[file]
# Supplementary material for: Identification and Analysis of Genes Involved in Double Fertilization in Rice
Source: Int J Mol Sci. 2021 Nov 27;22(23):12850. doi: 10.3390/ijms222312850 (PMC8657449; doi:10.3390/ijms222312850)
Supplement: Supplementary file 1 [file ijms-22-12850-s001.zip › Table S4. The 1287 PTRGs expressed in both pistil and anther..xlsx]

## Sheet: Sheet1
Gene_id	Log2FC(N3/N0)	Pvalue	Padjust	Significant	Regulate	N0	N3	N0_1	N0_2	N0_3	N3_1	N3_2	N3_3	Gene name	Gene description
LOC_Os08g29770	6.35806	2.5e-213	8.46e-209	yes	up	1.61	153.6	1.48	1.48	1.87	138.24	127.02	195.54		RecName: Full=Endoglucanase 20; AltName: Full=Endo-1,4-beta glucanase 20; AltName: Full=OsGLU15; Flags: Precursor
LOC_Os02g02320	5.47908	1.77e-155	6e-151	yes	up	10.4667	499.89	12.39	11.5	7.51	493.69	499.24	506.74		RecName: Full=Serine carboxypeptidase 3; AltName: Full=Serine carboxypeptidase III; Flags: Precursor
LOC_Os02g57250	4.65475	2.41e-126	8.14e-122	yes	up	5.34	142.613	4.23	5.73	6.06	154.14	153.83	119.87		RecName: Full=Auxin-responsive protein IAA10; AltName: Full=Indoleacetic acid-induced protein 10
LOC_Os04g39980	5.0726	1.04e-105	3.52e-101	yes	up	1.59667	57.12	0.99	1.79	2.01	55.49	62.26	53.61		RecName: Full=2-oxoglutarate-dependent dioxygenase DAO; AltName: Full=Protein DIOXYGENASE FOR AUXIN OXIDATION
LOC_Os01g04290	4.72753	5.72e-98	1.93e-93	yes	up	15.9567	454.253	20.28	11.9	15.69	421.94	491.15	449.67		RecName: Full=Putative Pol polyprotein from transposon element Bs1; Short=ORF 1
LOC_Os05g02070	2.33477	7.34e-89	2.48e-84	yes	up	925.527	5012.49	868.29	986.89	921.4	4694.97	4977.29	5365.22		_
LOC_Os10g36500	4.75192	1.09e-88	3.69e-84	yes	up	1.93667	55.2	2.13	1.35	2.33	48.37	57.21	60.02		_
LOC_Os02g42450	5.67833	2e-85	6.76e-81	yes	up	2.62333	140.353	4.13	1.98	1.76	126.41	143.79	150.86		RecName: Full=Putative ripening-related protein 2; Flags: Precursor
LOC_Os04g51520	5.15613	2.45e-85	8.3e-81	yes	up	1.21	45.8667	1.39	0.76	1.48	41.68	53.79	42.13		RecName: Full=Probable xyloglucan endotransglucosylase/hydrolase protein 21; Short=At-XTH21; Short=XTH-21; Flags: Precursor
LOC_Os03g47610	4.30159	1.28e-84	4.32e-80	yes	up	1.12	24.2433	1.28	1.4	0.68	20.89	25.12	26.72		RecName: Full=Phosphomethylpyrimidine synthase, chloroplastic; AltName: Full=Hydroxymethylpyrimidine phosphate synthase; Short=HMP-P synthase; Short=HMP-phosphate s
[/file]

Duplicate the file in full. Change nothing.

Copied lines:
# Supplementary material for: Identification and Analysis of Genes Involved in Double Fertilization in Rice
Source: Int J Mol Sci. 2021 Nov 27;22(23):12850. doi: 10.3390/ijms222312850 (PMC8657449; doi:10.3390/ijms222312850)
Supplement: Supplementary file 1 [file ijms-22-12850-s001.zip › Table S4. The 1287 PTRGs expressed in both pistil and anther..xlsx]

## Sheet: Sheet1
Gene_id	Log2FC(N3/N0)	Pvalue	Padjust	Significant	Regulate	N0	N3	N0_1	N0_2	N0_3	N3_1	N3_2	N3_3	Gene name	Gene description
LOC_Os08g29770	6.35806	2.5e-213	8.46e-209	yes	up	1.61	153.6	1.48	1.48	1.87	138.24	127.02	195.54		RecName: Full=Endoglucanase 20; AltName: Full=Endo-1,4-beta glucanase 20; AltName: Full=OsGLU15; Flags: Precursor
LOC_Os02g02320	5.47908	1.77e-155	6e-151	yes	up	10.4667	499.89	12.39	11.5	7.51	493.69	499.24	506.74		RecName: Full=Serine carboxypeptidase 3; AltName: Full=Serine carboxypeptidase III; Flags: Precursor
LOC_Os02g57250	4.65475	2.41e-126	8.14e-122	yes	up	5.34	142.613	4.23	5.73	6.06	154.14	153.83	119.87		RecName: Full=Auxin-responsive protein IAA10; AltName: Full=Indoleacetic acid-induced protein 10
LOC_Os04g39980	5.0726	1.04e-105	3.52e-101	yes	up	1.59667	57.12	0.99	1.79	2.01	55.49	62.26	53.61		RecName: Full=2-oxoglutarate-dependent dioxygenase DAO; AltName: Full=Protein DIOXYGENASE FOR AUXIN OXIDATION
LOC_Os01g04290	4.72753	5.72e-98	1.93e-93	yes	up	15.9567	454.253	20.28	11.9	15.69	421.94	491.15	449.67		RecName: Full=Putative Pol polyprotein from transposon element Bs1; Short=ORF 1
LOC_Os05g02070	2.33477	7.34e-89	2.48e-84	yes	up	925.527	5012.49	868.29	986.89	921.4	4694.97	4977.29	5365.22		_
LOC_Os10g36500	4.75192	1.09e-88	3.69e-84	yes	up	1.93667	55.2	2.13	1.35	2.33	48.37	57.21	60.02		_
LOC_Os02g42450	5.67833	2e-85	6.76e-81	yes	up	2.62333	140.353	4.13	1.98	1.76	126.41	143.79	150.86		RecName: Full=Putative ripening-related protein 2; Flags: Precursor
LOC_Os04g51520	5.15613	2.45e-85	8.3e-81	yes	up	1.21	45.8667	1.39	0.76	1.48	41.68	53.79	42.13		RecName: Full=Probable xyloglucan endotransglucosylase/hydrolase protein 21; Short=At-XTH21; Short=XTH-21; Flags: Precursor
LOC_Os03g47610	4.30159	1.28e-84	4.32e-80	yes	up	1.12	24.2433	1.28	1.4	0.68	20.89	25.12	26.72		RecName: Full=Phosphomethylpyrimidine synthase, chloroplastic; AltName: Full=Hydroxymethylpyrimidine phosphate synthase; Short=HMP-P synthase; Short=HMP-phosphate s